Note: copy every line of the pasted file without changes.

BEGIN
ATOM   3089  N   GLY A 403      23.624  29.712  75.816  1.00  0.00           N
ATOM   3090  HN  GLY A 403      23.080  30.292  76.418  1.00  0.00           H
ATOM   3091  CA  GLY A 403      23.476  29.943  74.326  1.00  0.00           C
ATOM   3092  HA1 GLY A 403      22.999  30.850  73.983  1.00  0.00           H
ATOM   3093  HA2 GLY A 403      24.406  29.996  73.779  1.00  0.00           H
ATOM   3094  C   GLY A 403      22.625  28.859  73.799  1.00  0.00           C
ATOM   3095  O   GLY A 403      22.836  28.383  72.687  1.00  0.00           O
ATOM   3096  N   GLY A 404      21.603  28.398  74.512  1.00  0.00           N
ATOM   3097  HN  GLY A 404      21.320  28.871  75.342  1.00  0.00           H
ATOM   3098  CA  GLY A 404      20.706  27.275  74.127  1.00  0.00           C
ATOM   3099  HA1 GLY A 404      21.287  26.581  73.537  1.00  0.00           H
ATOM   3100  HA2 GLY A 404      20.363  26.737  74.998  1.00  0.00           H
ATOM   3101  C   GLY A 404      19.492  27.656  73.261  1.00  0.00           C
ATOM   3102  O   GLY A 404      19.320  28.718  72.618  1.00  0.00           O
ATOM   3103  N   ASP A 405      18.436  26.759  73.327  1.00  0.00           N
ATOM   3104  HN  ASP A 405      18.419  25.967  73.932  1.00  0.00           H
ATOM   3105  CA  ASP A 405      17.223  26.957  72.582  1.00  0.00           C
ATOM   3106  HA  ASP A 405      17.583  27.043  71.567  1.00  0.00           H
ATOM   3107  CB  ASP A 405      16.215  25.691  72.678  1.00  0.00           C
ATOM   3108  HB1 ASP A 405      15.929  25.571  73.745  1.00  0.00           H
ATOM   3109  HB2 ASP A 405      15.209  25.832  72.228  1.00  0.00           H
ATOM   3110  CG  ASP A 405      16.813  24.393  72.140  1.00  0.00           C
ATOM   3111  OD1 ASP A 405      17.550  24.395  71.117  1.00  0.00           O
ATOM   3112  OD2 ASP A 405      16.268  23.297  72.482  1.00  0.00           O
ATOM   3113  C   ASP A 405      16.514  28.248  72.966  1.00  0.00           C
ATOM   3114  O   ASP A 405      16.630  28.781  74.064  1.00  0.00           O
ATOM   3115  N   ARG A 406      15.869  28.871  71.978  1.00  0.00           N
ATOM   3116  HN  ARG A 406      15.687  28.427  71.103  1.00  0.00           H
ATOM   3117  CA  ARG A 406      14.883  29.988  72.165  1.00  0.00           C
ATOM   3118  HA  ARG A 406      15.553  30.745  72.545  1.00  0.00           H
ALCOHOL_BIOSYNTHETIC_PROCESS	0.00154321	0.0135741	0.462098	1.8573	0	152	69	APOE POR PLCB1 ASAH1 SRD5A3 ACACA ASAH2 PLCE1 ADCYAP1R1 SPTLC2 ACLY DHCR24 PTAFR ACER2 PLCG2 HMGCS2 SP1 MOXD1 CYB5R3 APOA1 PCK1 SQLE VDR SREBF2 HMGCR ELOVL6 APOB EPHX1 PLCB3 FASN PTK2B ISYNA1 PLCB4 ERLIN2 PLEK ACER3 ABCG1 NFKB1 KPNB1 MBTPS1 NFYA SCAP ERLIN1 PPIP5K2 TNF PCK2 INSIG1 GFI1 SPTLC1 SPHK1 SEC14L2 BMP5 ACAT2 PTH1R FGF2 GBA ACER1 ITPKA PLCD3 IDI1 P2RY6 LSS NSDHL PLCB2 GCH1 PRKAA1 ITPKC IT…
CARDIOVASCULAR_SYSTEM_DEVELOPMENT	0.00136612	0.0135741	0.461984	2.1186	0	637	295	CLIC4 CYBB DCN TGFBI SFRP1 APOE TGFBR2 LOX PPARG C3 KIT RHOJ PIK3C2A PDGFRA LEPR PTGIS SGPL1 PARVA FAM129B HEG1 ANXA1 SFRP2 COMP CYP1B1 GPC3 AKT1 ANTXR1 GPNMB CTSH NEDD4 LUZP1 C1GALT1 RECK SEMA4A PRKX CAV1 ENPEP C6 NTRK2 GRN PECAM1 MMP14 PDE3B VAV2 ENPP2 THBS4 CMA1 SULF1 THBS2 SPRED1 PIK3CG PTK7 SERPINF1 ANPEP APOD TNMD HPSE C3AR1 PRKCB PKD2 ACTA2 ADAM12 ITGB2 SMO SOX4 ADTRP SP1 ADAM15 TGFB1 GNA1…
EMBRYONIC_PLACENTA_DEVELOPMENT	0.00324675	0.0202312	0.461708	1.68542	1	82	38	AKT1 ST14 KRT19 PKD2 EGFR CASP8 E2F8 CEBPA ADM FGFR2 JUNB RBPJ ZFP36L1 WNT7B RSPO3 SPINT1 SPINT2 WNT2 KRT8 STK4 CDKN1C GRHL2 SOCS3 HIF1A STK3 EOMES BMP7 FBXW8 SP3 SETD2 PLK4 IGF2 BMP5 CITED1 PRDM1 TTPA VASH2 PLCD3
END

ATOM   3089  N   GLY A 403      23.624  29.712  75.816  1.00  0.00           N
ATOM   3090  HN  GLY A 403      23.080  30.292  76.418  1.00  0.00           H
ATOM   3091  CA  GLY A 403      23.476  29.943  74.326  1.00  0.00           C
ATOM   3092  HA1 GLY A 403      22.999  30.850  73.983  1.00  0.00           H
ATOM   3093  HA2 GLY A 403      24.406  29.996  73.779  1.00  0.00           H
ATOM   3094  C   GLY A 403      22.625  28.859  73.799  1.00  0.00           C
ATOM   3095  O   GLY A 403      22.836  28.383  72.687  1.00  0.00           O
ATOM   3096  N   GLY A 404      21.603  28.398  74.512  1.00  0.00           N
ATOM   3097  HN  GLY A 404      21.320  28.871  75.342  1.00  0.00           H
ATOM   3098  CA  GLY A 404      20.706  27.275  74.127  1.00  0.00           C
ATOM   3099  HA1 GLY A 404      21.287  26.581  73.537  1.00  0.00           H
ATOM   3100  HA2 GLY A 404      20.363  26.737  74.998  1.00  0.00           H
ATOM   3101  C   GLY A 404      19.492  27.656  73.261  1.00  0.00           C
ATOM   3102  O   GLY A 404      19.320  28.718  72.618  1.00  0.00           O
ATOM   3103  N   ASP A 405      18.436  26.759  73.327  1.00  0.00           N
ATOM   3104  HN  ASP A 405      18.419  25.967  73.932  1.00  0.00           H
ATOM   3105  CA  ASP A 405      17.223  26.957  72.582  1.00  0.00           C
ATOM   3106  HA  ASP A 405      17.583  27.043  71.567  1.00  0.00           H
ATOM   3107  CB  ASP A 405      16.215  25.691  72.678  1.00  0.00           C
ATOM   3108  HB1 ASP A 405      15.929  25.571  73.745  1.00  0.00           H
ATOM   3109  HB2 ASP A 405      15.209  25.832  72.228  1.00  0.00           H
ATOM   3110  CG  ASP A 405      16.813  24.393  72.140  1.00  0.00           C
ATOM   3111  OD1 ASP A 405      17.550  24.395  71.117  1.00  0.00           O
ATOM   3112  OD2 ASP A 405      16.268  23.297  72.482  1.00  0.00           O
ATOM   3113  C   ASP A 405      16.514  28.248  72.966  1.00  0.00           C
ATOM   3114  O   ASP A 405      16.630  28.781  74.064  1.00  0.00           O
ATOM   3115  N   ARG A 406      15.869  28.871  71.978  1.00  0.00           N
ATOM   3116  HN  ARG A 406      15.687  28.427  71.103  1.00  0.00           H
ATOM   3117  CA  ARG A 406      14.883  29.988  72.165  1.00  0.00           C
ATOM   3118  HA  ARG A 406      15.553  30.745  72.545  1.00  0.00           H
ALCOHOL_BIOSYNTHETIC_PROCESS	0.00154321	0.0135741	0.462098	1.8573	0	152	69	APOE POR PLCB1 ASAH1 SRD5A3 ACACA ASAH2 PLCE1 ADCYAP1R1 SPTLC2 ACLY DHCR24 PTAFR ACER2 PLCG2 HMGCS2 SP1 MOXD1 CYB5R3 APOA1 PCK1 SQLE VDR SREBF2 HMGCR ELOVL6 APOB EPHX1 PLCB3 FASN PTK2B ISYNA1 PLCB4 ERLIN2 PLEK ACER3 ABCG1 NFKB1 KPNB1 MBTPS1 NFYA SCAP ERLIN1 PPIP5K2 TNF PCK2 INSIG1 GFI1 SPTLC1 SPHK1 SEC14L2 BMP5 ACAT2 PTH1R FGF2 GBA ACER1 ITPKA PLCD3 IDI1 P2RY6 LSS NSDHL PLCB2 GCH1 PRKAA1 ITPKC IT…
CARDIOVASCULAR_SYSTEM_DEVELOPMENT	0.00136612	0.0135741	0.461984	2.1186	0	637	295	CLIC4 CYBB DCN TGFBI SFRP1 APOE TGFBR2 LOX PPARG C3 KIT RHOJ PIK3C2A PDGFRA LEPR PTGIS SGPL1 PARVA FAM129B HEG1 ANXA1 SFRP2 COMP CYP1B1 GPC3 AKT1 ANTXR1 GPNMB CTSH NEDD4 LUZP1 C1GALT1 RECK SEMA4A PRKX CAV1 ENPEP C6 NTRK2 GRN PECAM1 MMP14 PDE3B VAV2 ENPP2 THBS4 CMA1 SULF1 THBS2 SPRED1 PIK3CG PTK7 SERPINF1 ANPEP APOD TNMD HPSE C3AR1 PRKCB PKD2 ACTA2 ADAM12 ITGB2 SMO SOX4 ADTRP SP1 ADAM15 TGFB1 GNA1…
EMBRYONIC_PLACENTA_DEVELOPMENT	0.00324675	0.0202312	0.461708	1.68542	1	82	38	AKT1 ST14 KRT19 PKD2 EGFR CASP8 E2F8 CEBPA ADM FGFR2 JUNB RBPJ ZFP36L1 WNT7B RSPO3 SPINT1 SPINT2 WNT2 KRT8 STK4 CDKN1C GRHL2 SOCS3 HIF1A STK3 EOMES BMP7 FBXW8 SP3 SETD2 PLK4 IGF2 BMP5 CITED1 PRDM1 TTPA VASH2 PLCD3